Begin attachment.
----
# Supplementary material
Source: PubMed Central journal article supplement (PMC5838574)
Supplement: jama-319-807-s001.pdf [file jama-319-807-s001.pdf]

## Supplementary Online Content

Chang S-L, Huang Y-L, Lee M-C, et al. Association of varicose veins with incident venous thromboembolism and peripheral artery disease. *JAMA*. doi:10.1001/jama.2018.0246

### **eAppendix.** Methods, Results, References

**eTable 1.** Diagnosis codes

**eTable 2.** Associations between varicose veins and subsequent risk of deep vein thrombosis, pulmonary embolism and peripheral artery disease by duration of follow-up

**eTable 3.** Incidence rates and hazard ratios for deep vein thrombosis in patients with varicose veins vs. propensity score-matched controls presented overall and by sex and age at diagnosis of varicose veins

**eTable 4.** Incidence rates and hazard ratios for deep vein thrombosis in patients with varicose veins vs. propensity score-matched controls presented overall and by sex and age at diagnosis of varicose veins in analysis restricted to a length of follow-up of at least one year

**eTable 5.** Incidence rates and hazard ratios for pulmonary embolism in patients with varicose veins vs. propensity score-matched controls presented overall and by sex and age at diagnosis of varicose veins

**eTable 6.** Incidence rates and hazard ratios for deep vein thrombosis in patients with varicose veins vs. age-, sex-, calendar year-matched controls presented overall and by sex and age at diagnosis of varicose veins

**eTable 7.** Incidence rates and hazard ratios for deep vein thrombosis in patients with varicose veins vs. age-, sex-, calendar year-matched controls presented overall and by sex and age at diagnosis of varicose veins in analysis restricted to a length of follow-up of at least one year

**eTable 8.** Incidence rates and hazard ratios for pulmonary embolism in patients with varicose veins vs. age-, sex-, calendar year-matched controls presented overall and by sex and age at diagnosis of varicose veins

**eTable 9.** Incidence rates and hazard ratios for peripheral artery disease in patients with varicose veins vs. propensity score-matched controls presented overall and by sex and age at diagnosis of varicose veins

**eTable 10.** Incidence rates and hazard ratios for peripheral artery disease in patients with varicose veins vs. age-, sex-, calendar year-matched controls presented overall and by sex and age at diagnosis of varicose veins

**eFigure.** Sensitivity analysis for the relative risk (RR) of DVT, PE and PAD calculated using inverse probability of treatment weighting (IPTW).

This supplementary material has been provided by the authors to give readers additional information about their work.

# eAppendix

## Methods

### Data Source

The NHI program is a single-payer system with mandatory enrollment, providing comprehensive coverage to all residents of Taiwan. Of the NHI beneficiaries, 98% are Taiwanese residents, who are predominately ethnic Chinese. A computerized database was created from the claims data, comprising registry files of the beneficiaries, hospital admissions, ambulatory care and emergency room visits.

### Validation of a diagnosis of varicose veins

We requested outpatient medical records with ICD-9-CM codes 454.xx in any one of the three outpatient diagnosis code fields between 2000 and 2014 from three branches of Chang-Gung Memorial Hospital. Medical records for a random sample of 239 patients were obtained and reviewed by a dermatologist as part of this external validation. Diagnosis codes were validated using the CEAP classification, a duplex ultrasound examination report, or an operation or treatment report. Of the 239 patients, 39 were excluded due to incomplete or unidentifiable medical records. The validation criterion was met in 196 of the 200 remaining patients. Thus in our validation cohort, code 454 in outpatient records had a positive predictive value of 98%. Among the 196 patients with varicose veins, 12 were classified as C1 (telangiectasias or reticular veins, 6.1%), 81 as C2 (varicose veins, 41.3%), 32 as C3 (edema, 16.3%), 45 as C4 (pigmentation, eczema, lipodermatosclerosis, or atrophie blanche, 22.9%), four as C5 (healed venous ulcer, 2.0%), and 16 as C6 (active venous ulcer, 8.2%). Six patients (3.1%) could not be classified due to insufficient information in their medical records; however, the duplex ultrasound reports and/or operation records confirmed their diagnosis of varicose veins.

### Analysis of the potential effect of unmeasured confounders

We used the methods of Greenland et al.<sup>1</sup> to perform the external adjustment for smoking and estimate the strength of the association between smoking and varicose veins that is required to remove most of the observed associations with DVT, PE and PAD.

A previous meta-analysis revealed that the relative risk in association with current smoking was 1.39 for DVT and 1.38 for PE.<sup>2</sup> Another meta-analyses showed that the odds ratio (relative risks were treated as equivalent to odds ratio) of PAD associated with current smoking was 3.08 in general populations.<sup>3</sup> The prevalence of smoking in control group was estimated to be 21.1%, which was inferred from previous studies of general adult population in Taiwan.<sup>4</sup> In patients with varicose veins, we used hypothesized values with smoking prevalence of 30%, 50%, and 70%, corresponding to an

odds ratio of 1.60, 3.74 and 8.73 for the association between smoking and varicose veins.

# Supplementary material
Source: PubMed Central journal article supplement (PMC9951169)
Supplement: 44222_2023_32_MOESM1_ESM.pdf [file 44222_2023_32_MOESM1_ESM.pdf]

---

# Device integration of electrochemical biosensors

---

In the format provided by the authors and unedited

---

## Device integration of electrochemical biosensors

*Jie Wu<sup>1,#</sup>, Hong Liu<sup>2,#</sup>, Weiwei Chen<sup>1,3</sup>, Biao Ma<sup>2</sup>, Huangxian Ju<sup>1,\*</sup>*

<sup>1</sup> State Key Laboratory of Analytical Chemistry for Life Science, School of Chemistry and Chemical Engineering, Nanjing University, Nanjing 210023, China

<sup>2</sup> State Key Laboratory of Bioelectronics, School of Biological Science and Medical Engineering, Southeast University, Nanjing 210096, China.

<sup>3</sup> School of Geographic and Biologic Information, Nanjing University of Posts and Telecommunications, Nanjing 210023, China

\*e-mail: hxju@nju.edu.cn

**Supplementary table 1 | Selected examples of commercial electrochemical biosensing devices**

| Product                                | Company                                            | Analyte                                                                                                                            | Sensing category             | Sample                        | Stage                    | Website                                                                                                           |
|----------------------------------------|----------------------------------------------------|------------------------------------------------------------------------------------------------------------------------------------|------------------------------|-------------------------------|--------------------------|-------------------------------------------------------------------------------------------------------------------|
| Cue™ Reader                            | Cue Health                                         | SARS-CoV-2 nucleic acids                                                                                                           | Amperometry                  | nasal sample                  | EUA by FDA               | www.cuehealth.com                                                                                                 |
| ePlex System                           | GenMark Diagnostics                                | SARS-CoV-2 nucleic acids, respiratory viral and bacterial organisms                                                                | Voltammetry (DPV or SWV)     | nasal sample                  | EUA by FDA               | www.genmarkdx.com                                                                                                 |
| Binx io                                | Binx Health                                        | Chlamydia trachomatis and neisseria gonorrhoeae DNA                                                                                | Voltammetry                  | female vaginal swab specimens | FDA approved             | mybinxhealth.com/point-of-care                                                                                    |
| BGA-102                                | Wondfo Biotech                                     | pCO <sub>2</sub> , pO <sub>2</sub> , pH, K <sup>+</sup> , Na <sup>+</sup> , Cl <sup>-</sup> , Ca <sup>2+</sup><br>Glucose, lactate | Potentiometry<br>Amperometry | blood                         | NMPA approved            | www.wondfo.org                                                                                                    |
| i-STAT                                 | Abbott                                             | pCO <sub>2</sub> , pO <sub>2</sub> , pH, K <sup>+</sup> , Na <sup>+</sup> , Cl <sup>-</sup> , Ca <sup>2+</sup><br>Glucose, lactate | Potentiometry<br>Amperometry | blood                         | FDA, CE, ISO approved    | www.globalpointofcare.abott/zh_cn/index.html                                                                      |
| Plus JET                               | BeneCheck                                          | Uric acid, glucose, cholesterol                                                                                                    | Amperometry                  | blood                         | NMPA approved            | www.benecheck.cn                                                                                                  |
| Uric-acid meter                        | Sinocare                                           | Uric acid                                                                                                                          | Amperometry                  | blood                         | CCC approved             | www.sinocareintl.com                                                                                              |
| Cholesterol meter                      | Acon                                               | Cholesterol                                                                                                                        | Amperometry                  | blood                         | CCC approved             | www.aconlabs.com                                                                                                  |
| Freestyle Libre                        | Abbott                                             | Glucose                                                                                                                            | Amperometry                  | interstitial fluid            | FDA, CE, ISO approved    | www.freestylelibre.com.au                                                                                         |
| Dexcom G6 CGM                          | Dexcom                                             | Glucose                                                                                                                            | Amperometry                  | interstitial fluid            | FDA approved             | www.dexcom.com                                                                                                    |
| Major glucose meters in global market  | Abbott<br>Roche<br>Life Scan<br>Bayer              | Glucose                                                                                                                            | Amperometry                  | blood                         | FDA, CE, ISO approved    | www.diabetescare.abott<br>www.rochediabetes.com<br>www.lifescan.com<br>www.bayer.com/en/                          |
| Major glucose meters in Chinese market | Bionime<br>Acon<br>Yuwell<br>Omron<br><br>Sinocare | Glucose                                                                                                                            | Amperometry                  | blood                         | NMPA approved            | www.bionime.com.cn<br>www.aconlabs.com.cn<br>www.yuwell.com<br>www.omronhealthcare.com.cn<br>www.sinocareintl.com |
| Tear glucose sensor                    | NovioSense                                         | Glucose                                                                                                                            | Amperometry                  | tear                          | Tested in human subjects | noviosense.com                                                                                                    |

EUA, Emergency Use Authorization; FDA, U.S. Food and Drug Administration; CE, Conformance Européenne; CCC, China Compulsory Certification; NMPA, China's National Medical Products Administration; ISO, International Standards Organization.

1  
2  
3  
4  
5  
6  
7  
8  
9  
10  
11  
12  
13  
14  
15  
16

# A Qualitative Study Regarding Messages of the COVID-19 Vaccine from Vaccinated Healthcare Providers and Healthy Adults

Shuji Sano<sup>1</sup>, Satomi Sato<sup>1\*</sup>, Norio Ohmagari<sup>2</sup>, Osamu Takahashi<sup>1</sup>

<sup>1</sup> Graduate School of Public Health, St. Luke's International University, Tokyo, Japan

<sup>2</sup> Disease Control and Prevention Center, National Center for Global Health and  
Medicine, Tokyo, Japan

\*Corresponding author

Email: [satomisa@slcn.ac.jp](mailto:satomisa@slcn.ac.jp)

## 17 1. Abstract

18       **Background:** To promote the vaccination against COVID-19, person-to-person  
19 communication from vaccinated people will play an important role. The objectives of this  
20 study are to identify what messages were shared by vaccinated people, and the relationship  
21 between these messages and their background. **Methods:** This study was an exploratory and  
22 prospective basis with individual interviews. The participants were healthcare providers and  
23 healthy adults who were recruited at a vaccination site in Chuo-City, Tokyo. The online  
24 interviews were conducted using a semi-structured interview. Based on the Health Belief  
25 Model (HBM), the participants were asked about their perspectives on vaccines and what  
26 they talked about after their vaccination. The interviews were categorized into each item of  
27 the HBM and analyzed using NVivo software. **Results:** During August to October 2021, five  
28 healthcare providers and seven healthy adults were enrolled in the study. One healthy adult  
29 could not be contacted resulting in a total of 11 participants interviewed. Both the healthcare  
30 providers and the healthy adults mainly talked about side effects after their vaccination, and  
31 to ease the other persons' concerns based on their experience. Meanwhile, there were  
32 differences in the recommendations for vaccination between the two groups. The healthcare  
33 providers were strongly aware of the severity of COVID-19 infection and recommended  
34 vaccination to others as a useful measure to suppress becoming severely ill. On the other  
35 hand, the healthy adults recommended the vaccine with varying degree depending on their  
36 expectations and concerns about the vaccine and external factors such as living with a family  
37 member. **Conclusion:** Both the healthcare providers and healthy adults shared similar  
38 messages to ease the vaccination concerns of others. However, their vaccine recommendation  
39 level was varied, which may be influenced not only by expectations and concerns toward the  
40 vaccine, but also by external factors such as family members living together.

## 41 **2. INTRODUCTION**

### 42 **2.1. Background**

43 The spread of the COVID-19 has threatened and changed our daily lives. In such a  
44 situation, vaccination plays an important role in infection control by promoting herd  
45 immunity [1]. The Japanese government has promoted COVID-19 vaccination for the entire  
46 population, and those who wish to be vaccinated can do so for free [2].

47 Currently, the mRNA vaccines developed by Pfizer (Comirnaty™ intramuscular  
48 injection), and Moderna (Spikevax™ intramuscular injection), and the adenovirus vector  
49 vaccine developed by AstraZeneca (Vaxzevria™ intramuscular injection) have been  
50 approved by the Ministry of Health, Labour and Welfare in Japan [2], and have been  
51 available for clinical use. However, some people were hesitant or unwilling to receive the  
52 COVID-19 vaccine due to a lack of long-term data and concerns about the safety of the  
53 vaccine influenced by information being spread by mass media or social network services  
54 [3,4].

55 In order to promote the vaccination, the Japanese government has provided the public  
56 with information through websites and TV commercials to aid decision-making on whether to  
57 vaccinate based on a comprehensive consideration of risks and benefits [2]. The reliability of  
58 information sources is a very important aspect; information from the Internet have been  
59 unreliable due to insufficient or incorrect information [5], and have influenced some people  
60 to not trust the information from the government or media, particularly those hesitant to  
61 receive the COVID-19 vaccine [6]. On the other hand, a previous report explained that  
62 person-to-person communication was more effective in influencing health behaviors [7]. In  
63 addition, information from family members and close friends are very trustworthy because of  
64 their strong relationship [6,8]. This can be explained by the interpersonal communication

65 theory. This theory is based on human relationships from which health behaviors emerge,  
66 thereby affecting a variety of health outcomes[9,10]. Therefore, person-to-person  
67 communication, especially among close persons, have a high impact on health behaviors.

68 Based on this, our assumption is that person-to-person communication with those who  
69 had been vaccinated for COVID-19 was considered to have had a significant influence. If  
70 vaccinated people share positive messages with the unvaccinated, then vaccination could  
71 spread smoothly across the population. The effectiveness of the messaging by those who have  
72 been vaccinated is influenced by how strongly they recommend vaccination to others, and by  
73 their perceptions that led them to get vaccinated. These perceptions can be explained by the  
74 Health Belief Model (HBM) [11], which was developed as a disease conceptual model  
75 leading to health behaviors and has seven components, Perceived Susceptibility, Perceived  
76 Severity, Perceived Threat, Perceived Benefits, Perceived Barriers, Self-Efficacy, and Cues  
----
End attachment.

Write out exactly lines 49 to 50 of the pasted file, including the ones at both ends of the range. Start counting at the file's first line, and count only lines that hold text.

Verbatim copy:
| BGA-102                                | Wondfo Biotech                                     | pCO <sub>2</sub> , pO <sub>2</sub> , pH, K <sup>+</sup> , Na <sup>+</sup> , Cl <sup>-</sup> , Ca <sup>2+</sup><br>Glucose, lactate | Potentiometry<br>Amperometry | blood                         | NMPA approved            | www.wondfo.org                                                                                                    |
| i-STAT                                 | Abbott                                             | pCO <sub>2</sub> , pO <sub>2</sub> , pH, K <sup>+</sup> , Na <sup>+</sup> , Cl <sup>-</sup> , Ca <sup>2+</sup><br>Glucose, lactate | Potentiometry<br>Amperometry | blood                         | FDA, CE, ISO approved    | www.globalpointofcare.abott/zh_cn/index.html                                                                      |